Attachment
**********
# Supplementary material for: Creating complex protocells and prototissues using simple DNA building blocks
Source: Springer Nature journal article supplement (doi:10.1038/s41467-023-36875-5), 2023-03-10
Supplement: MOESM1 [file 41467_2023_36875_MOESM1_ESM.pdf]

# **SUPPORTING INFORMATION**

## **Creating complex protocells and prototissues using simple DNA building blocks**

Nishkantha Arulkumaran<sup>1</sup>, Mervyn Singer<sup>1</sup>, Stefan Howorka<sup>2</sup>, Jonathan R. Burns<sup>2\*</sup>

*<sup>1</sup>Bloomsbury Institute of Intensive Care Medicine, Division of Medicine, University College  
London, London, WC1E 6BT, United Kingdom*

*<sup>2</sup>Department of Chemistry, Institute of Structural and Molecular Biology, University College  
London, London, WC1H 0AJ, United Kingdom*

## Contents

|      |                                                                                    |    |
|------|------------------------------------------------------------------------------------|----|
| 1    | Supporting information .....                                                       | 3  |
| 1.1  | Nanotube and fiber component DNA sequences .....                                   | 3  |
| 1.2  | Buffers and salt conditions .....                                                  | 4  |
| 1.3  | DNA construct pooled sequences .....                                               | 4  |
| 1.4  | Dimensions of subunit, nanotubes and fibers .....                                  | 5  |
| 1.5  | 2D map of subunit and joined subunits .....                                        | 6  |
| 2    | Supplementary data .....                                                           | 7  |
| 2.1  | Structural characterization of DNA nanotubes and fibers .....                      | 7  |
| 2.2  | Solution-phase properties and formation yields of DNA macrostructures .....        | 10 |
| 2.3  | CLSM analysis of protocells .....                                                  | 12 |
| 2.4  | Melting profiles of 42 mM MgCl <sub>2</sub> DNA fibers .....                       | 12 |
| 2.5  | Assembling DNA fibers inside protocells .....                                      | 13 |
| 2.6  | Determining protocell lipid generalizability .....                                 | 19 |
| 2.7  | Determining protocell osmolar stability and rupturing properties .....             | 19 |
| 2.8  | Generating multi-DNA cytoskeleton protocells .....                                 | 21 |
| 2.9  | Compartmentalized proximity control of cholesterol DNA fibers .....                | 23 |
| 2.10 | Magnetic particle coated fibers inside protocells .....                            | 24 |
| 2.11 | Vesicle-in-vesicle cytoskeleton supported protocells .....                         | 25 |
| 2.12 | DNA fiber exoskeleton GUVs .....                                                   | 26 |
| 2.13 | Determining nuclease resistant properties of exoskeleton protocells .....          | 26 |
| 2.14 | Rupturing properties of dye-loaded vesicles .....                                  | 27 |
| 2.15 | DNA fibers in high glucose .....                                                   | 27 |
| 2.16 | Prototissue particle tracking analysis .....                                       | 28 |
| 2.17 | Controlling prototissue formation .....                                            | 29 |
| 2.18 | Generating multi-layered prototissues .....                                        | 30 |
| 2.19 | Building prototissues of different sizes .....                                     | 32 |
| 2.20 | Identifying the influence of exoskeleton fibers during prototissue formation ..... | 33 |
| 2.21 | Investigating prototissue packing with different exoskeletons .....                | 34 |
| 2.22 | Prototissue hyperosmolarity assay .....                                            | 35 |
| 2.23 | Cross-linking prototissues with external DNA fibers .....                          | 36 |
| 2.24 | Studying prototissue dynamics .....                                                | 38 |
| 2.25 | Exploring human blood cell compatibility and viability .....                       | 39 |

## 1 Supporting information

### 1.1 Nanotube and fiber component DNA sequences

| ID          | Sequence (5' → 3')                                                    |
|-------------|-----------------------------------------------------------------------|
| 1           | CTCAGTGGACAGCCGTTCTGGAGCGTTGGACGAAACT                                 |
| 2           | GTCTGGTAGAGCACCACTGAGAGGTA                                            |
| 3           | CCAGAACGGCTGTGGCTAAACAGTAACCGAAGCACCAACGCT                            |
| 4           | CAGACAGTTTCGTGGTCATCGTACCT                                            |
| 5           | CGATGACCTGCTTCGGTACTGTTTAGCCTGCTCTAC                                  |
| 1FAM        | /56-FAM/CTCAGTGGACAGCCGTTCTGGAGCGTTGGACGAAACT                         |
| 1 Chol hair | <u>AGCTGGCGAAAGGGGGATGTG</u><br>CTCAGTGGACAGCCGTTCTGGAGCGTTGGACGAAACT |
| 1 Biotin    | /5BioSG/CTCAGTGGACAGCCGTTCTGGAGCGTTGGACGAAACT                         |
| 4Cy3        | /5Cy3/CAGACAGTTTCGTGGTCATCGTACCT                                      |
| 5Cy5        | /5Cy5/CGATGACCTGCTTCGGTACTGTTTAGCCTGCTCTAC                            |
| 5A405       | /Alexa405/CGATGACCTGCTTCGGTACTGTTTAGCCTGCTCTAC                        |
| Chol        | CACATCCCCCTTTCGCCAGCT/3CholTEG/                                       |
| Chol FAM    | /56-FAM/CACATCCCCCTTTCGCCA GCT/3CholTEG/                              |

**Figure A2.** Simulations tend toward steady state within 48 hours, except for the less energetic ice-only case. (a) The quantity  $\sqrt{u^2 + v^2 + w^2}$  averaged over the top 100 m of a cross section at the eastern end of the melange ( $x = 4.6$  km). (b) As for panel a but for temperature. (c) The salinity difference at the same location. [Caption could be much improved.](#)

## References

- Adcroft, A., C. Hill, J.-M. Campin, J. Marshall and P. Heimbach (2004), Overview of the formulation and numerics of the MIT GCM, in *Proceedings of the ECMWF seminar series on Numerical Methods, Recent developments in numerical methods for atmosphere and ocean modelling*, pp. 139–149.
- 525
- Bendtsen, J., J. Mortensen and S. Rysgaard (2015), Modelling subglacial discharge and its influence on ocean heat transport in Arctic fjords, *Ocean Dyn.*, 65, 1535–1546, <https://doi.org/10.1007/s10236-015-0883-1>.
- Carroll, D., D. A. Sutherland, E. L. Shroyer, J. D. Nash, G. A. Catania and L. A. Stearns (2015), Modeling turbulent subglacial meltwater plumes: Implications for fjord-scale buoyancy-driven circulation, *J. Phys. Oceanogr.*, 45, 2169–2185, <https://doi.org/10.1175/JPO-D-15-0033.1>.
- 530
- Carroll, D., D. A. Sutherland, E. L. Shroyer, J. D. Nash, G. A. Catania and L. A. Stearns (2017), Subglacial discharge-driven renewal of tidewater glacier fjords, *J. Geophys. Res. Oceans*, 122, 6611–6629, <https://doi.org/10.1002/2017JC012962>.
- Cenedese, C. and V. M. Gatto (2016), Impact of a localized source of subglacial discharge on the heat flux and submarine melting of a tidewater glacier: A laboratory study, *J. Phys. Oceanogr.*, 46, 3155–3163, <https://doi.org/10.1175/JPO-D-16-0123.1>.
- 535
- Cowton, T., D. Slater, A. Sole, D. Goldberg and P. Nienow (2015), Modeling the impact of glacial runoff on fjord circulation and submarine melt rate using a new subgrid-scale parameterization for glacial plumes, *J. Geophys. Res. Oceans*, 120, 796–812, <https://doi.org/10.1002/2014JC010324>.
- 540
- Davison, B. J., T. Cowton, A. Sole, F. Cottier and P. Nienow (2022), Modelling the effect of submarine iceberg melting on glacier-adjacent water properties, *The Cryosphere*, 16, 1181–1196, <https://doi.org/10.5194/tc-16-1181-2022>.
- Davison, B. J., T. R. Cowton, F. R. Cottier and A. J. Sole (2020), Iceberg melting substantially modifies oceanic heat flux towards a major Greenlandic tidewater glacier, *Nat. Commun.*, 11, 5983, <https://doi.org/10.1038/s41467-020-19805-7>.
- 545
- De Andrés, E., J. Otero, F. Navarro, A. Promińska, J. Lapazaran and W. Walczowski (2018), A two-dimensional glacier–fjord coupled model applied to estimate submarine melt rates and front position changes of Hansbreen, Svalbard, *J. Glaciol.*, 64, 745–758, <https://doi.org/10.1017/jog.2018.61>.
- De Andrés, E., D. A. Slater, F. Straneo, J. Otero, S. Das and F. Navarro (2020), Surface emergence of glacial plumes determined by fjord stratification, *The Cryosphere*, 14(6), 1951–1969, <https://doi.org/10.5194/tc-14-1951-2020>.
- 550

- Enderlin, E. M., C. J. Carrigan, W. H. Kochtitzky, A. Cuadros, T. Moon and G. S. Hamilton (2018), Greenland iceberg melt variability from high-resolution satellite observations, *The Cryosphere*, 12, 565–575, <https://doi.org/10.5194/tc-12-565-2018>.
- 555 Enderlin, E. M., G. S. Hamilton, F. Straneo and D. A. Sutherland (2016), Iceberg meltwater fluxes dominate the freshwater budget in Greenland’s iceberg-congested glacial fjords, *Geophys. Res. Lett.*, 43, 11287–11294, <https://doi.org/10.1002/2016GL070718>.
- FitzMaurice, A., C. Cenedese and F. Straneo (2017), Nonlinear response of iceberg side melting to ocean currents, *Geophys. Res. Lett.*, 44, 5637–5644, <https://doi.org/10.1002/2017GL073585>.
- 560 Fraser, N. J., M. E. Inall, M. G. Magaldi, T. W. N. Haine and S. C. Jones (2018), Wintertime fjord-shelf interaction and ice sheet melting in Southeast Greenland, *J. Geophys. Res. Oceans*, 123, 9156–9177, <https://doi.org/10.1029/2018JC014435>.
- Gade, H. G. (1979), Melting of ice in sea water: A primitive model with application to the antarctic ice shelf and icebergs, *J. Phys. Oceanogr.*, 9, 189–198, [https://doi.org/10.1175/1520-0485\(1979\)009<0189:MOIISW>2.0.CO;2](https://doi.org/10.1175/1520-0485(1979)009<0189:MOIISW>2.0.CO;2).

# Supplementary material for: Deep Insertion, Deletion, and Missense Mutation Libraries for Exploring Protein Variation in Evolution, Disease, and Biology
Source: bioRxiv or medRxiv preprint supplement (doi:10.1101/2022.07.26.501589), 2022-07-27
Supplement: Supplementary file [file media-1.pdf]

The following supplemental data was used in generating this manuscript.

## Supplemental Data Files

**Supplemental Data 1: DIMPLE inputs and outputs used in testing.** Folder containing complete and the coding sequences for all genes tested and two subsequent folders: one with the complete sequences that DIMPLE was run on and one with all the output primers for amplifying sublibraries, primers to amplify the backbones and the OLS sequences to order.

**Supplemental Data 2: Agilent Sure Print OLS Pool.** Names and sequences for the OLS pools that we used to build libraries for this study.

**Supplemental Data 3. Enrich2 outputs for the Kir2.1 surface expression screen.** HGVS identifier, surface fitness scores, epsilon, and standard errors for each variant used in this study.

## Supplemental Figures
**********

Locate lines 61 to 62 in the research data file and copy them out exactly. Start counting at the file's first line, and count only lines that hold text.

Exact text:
| Chol        | CACATCCCCCTTTCGCCAGCT/3CholTEG/                                       |
| Chol FAM    | /56-FAM/CACATCCCCCTTTCGCCA GCT/3CholTEG/                              |